I've searched but have not found any information about the origin of the phrase "in this day and age."
Has anyone researched this? Why not write "today"?
Many of the earliest examples I could find are in religious/legal contexts, but not exclusively so. Most of the early examples I found were from the early-to-mid nineteenth century, though the construction itself may predate it. Here's the earliest, published in 1826 but supposedly from a 1769 edition:
These are the blessed people that have this knowledge; and all that have it, know how they. come by it, and how they became so, having been the temples of the un-clean spirit. They know the temple that was defiled and polluted, cleansed and purged, and the unclean spi+ rit and his works cast forth. These. are a watchful people against all that would defile the temple again, and these are the true temple worshippers in this day and age, and this is the temple in which everyone speaks of the Glory of the Lord, of the power of the Lord, and of his wondrous works wrought therein, even in his temple not made with hands.
Here's another early example, from 1832 .
In this day and age, noone who is blessed with health and a common share of that indispensable article, good sense, can have an excuse for ignorance, and that hyena monster with her numerous retinue scattering desolation over the earth, ought not to find a resting place in our land.
As for 'why not write today?', English has a variety of constructions that it likes to use, and 'in this day and age' is one of them. 'Today' also feels flat compared to the full expression, which sort of evokes a feeling of expansive reference to all of what's going on in the world these days.
Why not write today?
In this day and age — wordiness notwithstanding — could be considered more precise than today. Compare:
I prefer to work at home today.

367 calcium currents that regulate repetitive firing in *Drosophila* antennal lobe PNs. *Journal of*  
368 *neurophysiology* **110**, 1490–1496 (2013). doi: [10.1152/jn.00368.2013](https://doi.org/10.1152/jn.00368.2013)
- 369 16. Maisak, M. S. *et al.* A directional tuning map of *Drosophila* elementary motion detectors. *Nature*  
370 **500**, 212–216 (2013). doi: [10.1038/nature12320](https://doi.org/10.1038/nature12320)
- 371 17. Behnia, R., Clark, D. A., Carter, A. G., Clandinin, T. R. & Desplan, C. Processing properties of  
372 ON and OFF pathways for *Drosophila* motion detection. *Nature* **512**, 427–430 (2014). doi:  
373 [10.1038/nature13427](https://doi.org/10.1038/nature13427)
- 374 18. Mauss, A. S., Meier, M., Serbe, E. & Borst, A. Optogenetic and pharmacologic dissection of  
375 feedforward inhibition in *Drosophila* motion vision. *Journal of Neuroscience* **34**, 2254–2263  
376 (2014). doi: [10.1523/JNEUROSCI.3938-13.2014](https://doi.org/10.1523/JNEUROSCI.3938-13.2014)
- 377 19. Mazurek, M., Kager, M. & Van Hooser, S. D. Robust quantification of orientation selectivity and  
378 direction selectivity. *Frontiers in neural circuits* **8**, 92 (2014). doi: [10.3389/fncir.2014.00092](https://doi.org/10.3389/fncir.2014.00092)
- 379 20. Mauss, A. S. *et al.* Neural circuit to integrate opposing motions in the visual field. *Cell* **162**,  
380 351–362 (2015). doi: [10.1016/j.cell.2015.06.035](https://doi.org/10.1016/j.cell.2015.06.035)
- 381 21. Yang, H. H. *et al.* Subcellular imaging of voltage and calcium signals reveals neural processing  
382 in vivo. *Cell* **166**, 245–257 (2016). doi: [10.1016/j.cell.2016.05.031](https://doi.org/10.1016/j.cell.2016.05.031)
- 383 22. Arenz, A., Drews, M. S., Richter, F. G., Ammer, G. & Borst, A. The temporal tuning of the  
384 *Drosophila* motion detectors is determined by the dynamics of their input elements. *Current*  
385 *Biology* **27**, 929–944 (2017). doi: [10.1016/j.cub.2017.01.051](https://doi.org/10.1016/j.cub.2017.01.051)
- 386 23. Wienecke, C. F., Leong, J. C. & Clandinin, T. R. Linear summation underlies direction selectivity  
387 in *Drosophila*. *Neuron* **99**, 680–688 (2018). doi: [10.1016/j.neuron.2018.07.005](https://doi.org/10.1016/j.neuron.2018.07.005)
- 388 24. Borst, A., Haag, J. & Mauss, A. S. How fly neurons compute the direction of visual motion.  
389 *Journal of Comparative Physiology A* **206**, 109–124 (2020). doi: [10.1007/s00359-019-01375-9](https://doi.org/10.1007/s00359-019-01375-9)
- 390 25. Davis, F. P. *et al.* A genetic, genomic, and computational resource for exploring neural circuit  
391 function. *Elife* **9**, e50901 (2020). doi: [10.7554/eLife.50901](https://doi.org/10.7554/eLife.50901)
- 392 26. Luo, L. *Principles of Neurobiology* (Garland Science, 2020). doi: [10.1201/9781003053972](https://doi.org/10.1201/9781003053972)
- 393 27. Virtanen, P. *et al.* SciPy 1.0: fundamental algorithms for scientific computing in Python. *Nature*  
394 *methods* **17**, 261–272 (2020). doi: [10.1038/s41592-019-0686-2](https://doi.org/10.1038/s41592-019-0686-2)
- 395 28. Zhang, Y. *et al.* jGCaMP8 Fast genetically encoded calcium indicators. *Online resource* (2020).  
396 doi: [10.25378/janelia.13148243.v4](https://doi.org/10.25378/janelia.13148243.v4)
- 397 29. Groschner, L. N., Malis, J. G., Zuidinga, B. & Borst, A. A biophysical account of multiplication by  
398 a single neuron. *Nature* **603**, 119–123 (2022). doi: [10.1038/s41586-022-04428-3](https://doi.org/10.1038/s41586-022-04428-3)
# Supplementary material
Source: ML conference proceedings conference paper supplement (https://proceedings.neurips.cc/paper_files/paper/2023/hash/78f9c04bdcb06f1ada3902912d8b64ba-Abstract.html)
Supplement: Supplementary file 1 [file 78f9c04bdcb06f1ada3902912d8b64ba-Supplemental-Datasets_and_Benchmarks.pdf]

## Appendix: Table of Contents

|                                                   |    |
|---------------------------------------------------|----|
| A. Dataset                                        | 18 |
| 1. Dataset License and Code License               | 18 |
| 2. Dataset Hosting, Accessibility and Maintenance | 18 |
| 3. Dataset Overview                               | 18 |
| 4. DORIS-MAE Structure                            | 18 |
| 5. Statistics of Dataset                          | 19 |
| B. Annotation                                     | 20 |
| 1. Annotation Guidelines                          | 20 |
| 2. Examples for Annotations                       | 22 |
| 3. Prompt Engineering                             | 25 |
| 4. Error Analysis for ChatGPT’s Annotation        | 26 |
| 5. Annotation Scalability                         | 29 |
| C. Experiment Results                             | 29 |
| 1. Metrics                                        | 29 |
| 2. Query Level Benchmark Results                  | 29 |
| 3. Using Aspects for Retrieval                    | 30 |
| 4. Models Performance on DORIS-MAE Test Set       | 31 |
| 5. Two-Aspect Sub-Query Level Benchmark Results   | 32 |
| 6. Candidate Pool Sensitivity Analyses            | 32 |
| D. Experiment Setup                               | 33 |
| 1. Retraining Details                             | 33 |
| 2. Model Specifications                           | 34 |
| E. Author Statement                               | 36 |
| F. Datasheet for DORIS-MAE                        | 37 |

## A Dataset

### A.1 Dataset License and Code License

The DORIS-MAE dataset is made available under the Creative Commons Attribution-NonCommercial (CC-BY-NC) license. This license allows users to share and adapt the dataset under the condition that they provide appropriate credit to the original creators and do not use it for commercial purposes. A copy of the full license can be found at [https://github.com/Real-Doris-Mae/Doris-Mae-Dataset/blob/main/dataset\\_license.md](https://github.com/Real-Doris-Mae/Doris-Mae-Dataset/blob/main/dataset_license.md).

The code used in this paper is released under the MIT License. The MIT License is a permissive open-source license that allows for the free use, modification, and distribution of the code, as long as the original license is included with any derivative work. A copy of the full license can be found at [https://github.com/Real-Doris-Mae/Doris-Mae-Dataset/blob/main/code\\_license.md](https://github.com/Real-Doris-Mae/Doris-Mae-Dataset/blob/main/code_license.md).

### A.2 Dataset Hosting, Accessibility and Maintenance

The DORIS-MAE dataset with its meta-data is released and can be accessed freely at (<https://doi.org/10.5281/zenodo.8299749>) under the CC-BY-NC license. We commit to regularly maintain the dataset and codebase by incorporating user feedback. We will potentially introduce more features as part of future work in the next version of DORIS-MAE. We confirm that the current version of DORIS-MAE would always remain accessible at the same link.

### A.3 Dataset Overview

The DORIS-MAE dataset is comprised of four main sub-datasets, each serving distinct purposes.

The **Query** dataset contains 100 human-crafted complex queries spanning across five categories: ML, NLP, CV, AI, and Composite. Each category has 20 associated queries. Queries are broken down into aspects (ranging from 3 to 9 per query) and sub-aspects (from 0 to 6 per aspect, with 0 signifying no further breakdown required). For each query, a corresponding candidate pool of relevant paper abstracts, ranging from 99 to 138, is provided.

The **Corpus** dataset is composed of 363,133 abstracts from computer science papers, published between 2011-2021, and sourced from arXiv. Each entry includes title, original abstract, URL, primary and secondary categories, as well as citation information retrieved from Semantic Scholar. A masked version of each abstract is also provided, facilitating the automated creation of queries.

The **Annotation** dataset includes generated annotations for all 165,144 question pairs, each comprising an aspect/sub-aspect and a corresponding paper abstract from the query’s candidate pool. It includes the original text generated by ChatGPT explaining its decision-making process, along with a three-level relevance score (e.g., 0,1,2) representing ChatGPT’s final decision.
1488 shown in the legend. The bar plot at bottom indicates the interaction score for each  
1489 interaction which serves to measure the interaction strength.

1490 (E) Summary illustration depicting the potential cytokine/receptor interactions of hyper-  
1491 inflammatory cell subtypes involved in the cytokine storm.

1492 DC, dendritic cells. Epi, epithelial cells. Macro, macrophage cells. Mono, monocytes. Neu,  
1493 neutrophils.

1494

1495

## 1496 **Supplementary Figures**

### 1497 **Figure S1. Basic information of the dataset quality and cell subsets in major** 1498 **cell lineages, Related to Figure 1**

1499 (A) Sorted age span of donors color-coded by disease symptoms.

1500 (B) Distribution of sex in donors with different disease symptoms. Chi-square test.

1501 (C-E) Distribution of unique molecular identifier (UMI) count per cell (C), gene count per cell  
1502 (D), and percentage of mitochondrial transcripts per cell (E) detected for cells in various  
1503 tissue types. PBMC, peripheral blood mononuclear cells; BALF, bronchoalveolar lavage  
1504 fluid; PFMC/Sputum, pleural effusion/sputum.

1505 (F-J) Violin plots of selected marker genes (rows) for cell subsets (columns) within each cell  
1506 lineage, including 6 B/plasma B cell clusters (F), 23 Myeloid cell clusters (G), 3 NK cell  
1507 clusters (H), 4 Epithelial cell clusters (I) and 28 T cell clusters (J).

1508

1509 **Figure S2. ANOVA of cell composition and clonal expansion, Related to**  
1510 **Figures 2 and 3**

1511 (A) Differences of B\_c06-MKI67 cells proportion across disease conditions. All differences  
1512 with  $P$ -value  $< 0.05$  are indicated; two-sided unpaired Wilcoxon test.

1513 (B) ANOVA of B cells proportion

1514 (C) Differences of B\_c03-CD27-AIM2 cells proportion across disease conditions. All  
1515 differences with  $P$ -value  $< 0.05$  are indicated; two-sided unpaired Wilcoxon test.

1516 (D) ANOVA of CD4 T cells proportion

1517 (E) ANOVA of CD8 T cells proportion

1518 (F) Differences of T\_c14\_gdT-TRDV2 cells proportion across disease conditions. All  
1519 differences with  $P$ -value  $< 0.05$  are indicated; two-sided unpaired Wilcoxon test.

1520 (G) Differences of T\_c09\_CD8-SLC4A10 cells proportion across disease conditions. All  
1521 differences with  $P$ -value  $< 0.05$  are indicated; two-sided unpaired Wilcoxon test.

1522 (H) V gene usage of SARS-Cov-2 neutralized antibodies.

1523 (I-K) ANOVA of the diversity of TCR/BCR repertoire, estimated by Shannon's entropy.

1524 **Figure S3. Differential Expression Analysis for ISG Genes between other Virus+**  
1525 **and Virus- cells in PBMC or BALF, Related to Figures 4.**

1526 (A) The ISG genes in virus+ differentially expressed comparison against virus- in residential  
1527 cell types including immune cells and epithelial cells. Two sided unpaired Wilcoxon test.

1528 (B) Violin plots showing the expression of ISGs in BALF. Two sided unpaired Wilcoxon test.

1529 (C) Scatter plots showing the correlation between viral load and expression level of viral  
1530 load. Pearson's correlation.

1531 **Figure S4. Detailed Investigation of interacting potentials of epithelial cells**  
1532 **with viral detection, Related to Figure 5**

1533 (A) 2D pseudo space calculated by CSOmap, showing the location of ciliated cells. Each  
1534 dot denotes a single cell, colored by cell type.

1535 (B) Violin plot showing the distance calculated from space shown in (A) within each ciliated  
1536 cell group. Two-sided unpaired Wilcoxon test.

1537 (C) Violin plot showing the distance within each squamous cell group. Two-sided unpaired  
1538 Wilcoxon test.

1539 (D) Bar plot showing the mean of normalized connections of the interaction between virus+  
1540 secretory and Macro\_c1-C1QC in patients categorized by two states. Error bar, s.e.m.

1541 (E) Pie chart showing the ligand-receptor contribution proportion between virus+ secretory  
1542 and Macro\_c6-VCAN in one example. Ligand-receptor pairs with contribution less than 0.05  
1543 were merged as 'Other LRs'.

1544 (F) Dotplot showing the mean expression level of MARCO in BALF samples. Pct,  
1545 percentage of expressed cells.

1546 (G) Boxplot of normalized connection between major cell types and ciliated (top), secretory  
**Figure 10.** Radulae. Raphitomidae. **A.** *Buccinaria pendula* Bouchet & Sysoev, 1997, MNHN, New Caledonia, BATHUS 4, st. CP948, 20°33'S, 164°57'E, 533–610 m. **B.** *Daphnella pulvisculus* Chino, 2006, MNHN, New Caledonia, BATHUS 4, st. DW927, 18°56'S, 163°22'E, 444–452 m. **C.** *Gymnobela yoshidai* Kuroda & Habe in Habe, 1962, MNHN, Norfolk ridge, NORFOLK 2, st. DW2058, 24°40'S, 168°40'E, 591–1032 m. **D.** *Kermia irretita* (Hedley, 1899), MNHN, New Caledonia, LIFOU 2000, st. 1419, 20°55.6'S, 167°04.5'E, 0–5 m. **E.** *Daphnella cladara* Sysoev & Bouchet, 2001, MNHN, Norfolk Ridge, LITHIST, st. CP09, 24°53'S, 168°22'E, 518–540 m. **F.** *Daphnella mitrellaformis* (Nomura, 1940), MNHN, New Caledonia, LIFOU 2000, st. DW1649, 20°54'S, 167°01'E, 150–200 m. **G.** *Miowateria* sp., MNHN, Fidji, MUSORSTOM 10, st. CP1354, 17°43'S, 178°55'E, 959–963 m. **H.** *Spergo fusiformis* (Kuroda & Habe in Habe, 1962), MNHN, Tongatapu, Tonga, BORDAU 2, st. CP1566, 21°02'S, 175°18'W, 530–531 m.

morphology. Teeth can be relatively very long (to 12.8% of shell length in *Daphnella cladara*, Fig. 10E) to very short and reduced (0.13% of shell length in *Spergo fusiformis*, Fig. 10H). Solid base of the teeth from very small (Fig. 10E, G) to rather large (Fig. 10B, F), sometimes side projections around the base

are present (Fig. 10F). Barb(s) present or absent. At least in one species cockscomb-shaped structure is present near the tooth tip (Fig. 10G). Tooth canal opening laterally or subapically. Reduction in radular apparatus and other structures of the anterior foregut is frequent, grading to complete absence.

Today, I prefer to work at home.
In this day and age, I prefer to work at home.
? I’m eating bacon and eggs in this day and age.
With the right context or intonation, today could possibly be used for in this day and age, but in this day and age can’t be used for the 24-hour period we call today.
Here’s the OED entry for this day and age:
P6. With another noun.
b. this day and age: the current time. Originally and chiefly in in this day and age: at the present time; nowadays. Cf. sense 14a(b).
Source: Oxford English Dictionary (login required)
What about all those words, though? According to the OED, day can mean era and age can mean era. Aren’t we just saying the same thing twice?
In rhetorical terms, it’s a kind of tautology called hendiadys1 (“one by means of two”). As a rhetorical device, it’s used for pacing and meter and emphasis, so it’s not surprising to find it employed in sermons and religious tracts.
What is the origin?
The earliest use of day and age I could find was in the 1659 publication Mr. Tillinghast’s Eight Last Sermons ... The third edition.
Mr. Tillinghast, having died in 1655, would have uttered these words some time before that.
You can find plenty of other early usage examples in a Google Books search for
”day and age” for 1700 and earlier.
1. There’s an interesting discussion of hendiadys in God’s Word for Our World, Vol. 1